558 same-sex couple households. The number of gay couples living together has increased in recent years, along with the increasing acceptance of homosexuality. But there are many more of these "gay households" in some parts of the country than others. Wyoming, with 558 of these households, has fewer than any other state. How does your state stack up? Which state has the most gay households? Keep clicking to find out... <em>The U.S. Census Bureau's 2005-2009 American Community Survey gives the most recent numbers for the total number of same-sex couple households in each state. These are absolute numbers, and don't represent the proportion of the states' households that are headed by same-sex couples</em>.

  • South Dakota

    802 same-sex couple households.

  • North Dakota

    875 same-sex couple households.

  • Alaska

    1136 same-sex couple households.

  • Montana

    1184 same-sex couple households.

  • Vermont

    2013 same-sex couple households.

  • Mississippi

    2028 same-sex couple households.

  • Nebraska

    2052 same-sex couple households.

  • Idaho

    2065 same-sex couple households.

  • Rhode Island

    2097 same-sex couple households.

  • West Virginia

    2259 same-sex couple households.

  • Delaware

    2677 same-sex couple households.

  • New Hampshire

    2966 same-sex couple households.

  • Utah

    3478 same-sex couple households.

  • Hawaii

    3507 same-sex couple households.

  • Arkansas

    3769 same-sex couple households.

  • Kansas

    4063 same-sex couple households.

  • New Mexico

    4172 same-sex couple households.

  • Iowa

    4299 same-sex couple households.

  • Maine

    4369 same-sex couple households.

  • Washington, D.C.

    4479 same-sex couple households.

  • Alabama

    4527 same-sex couple households.

  • Louisiana

    5083 same-sex couple households.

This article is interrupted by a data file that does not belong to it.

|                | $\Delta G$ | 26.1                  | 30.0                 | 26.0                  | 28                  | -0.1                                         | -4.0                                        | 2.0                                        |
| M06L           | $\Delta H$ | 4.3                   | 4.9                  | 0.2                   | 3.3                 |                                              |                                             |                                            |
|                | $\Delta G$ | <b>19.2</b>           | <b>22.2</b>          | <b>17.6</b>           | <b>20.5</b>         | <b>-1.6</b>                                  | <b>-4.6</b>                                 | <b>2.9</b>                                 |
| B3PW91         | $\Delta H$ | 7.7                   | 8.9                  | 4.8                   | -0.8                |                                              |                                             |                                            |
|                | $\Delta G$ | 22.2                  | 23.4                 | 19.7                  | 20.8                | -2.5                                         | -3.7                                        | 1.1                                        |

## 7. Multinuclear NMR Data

• Oklahoma

    5438 same-sex couple households.

  • Nevada

    5504 same-sex couple households.

  • Connecticut

    6698 same-sex couple households.

  • Kentucky

    6934 same-sex couple households.

  • South Carolina

    7363 same-sex couple households.

  • Missouri

    9691 same-sex couple households.

  • Wisconsin

    9773 same-sex couple households.

  • Maryland

    10058 same-sex couple households.

  • Tennessee

    10377 same-sex couple households.

  • Massachusetts

    18263 same-sex couple households.

  • Indiana

    10948 same-sex couple households.

  • Oregon

    12258 same-sex couple households.

  • Colorado

    12558 same-sex couple households.

  • Virginia

    12795 same-sex couple households.

  • Michigan

    13512 same-sex couple households.

  • Arizona

    14375 same-sex couple households.

  • Washington State

    15290 same-sex couple households.

  • North Carolina

    17042 same-sex couple households.

  • New Jersey

    14838 same-sex couple households.

  • Georgia

    18263 same-sex couple households.

  • Minnesota

    10464 same-sex couple households.

  • Ohio

    21416 same-sex couple households.

  • Pennsylvania

    22086 same-sex couple households.

  • Illinois

    23397 same-sex couple households.

  • Texas

    39289 same-sex couple households.

  • Florida

    41847 same-sex couple households.

  • New York

    42618 same-sex couple households.

  • California

    81954 same-sex couple households.